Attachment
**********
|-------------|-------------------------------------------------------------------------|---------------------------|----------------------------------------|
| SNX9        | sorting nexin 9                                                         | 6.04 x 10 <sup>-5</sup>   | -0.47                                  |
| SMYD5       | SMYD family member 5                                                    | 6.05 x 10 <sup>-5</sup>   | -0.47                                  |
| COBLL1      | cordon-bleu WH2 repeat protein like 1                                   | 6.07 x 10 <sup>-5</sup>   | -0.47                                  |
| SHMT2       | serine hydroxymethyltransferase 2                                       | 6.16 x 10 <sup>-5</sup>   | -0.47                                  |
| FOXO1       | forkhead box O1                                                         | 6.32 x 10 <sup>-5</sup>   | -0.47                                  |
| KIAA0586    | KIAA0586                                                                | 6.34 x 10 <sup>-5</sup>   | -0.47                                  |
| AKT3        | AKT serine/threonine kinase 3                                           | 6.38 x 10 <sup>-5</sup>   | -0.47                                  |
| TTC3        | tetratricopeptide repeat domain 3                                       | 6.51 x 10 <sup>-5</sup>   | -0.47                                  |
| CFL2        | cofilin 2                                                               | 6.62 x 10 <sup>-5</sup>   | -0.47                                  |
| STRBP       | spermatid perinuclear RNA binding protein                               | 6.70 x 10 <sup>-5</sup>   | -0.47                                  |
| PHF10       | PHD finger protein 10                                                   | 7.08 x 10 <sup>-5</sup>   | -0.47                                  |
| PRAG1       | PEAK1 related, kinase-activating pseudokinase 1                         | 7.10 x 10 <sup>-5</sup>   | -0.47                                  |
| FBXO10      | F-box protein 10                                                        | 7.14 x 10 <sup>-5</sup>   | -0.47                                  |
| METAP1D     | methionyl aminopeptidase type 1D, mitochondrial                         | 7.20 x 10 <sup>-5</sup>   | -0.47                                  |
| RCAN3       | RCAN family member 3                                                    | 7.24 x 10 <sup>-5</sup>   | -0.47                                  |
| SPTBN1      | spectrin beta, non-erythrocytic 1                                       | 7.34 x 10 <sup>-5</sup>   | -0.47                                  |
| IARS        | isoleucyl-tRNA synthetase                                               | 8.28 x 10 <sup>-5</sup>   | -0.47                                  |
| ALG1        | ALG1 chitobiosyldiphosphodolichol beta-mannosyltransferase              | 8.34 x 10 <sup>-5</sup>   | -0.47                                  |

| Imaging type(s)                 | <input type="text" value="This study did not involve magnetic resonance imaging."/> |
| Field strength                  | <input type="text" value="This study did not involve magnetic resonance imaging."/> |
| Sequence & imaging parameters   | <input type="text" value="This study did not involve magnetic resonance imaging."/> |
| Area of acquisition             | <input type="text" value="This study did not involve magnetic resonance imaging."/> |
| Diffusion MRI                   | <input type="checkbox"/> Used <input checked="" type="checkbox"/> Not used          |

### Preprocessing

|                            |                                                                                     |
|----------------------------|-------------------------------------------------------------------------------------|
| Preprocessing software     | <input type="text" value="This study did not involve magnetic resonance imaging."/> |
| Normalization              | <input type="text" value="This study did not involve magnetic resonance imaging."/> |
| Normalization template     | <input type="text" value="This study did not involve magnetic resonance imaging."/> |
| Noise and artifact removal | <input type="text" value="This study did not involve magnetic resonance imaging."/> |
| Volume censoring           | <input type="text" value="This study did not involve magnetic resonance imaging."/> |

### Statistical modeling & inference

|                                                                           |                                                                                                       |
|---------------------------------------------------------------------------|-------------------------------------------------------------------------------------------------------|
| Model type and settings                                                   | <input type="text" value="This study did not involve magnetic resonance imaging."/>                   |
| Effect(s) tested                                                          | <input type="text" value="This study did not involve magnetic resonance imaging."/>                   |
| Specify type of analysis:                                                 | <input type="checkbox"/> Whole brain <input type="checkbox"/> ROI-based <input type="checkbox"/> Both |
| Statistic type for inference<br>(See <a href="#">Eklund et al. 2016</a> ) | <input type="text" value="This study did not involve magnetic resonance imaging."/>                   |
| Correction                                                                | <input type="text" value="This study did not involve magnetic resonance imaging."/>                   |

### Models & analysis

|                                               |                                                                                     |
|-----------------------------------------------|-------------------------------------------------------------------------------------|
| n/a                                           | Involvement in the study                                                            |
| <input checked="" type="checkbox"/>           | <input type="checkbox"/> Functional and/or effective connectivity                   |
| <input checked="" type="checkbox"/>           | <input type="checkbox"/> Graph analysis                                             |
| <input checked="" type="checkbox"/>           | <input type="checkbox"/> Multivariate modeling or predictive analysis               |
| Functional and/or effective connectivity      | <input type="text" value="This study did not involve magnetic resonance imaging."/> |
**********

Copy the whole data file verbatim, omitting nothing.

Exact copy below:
|-------------|-------------------------------------------------------------------------|---------------------------|----------------------------------------|
| SNX9        | sorting nexin 9                                                         | 6.04 x 10 <sup>-5</sup>   | -0.47                                  |
| SMYD5       | SMYD family member 5                                                    | 6.05 x 10 <sup>-5</sup>   | -0.47                                  |
| COBLL1      | cordon-bleu WH2 repeat protein like 1                                   | 6.07 x 10 <sup>-5</sup>   | -0.47                                  |
| SHMT2       | serine hydroxymethyltransferase 2                                       | 6.16 x 10 <sup>-5</sup>   | -0.47                                  |
| FOXO1       | forkhead box O1                                                         | 6.32 x 10 <sup>-5</sup>   | -0.47                                  |
| KIAA0586    | KIAA0586                                                                | 6.34 x 10 <sup>-5</sup>   | -0.47                                  |
| AKT3        | AKT serine/threonine kinase 3                                           | 6.38 x 10 <sup>-5</sup>   | -0.47                                  |
| TTC3        | tetratricopeptide repeat domain 3                                       | 6.51 x 10 <sup>-5</sup>   | -0.47                                  |
| CFL2        | cofilin 2                                                               | 6.62 x 10 <sup>-5</sup>   | -0.47                                  |
| STRBP       | spermatid perinuclear RNA binding protein                               | 6.70 x 10 <sup>-5</sup>   | -0.47                                  |
| PHF10       | PHD finger protein 10                                                   | 7.08 x 10 <sup>-5</sup>   | -0.47                                  |
| PRAG1       | PEAK1 related, kinase-activating pseudokinase 1                         | 7.10 x 10 <sup>-5</sup>   | -0.47                                  |
| FBXO10      | F-box protein 10                                                        | 7.14 x 10 <sup>-5</sup>   | -0.47                                  |
| METAP1D     | methionyl aminopeptidase type 1D, mitochondrial                         | 7.20 x 10 <sup>-5</sup>   | -0.47                                  |
| RCAN3       | RCAN family member 3                                                    | 7.24 x 10 <sup>-5</sup>   | -0.47                                  |
| SPTBN1      | spectrin beta, non-erythrocytic 1                                       | 7.34 x 10 <sup>-5</sup>   | -0.47                                  |
| IARS        | isoleucyl-tRNA synthetase                                               | 8.28 x 10 <sup>-5</sup>   | -0.47                                  |
| ALG1        | ALG1 chitobiosyldiphosphodolichol beta-mannosyltransferase              | 8.34 x 10 <sup>-5</sup>   | -0.47                                  |

| Imaging type(s)                 | <input type="text" value="This study did not involve magnetic resonance imaging."/> |
| Field strength                  | <input type="text" value="This study did not involve magnetic resonance imaging."/> |
| Sequence & imaging parameters   | <input type="text" value="This study did not involve magnetic resonance imaging."/> |
| Area of acquisition             | <input type="text" value="This study did not involve magnetic resonance imaging."/> |
| Diffusion MRI                   | <input type="checkbox"/> Used <input checked="" type="checkbox"/> Not used          |

### Preprocessing

|                            |                                                                                     |
|----------------------------|-------------------------------------------------------------------------------------|
| Preprocessing software     | <input type="text" value="This study did not involve magnetic resonance imaging."/> |
| Normalization              | <input type="text" value="This study did not involve magnetic resonance imaging."/> |
| Normalization template     | <input type="text" value="This study did not involve magnetic resonance imaging."/> |
| Noise and artifact removal | <input type="text" value="This study did not involve magnetic resonance imaging."/> |
| Volume censoring           | <input type="text" value="This study did not involve magnetic resonance imaging."/> |

### Statistical modeling & inference

|                                                                           |                                                                                                       |
|---------------------------------------------------------------------------|-------------------------------------------------------------------------------------------------------|
| Model type and settings                                                   | <input type="text" value="This study did not involve magnetic resonance imaging."/>                   |
| Effect(s) tested                                                          | <input type="text" value="This study did not involve magnetic resonance imaging."/>                   |
| Specify type of analysis:                                                 | <input type="checkbox"/> Whole brain <input type="checkbox"/> ROI-based <input type="checkbox"/> Both |
| Statistic type for inference<br>(See <a href="#">Eklund et al. 2016</a> ) | <input type="text" value="This study did not involve magnetic resonance imaging."/>                   |
| Correction                                                                | <input type="text" value="This study did not involve magnetic resonance imaging."/>                   |

### Models & analysis

|                                               |                                                                                     |
|-----------------------------------------------|-------------------------------------------------------------------------------------|
| n/a                                           | Involvement in the study                                                            |
| <input checked="" type="checkbox"/>           | <input type="checkbox"/> Functional and/or effective connectivity                   |
| <input checked="" type="checkbox"/>           | <input type="checkbox"/> Graph analysis                                             |
| <input checked="" type="checkbox"/>           | <input type="checkbox"/> Multivariate modeling or predictive analysis               |
| Functional and/or effective connectivity      | <input type="text" value="This study did not involve magnetic resonance imaging."/> |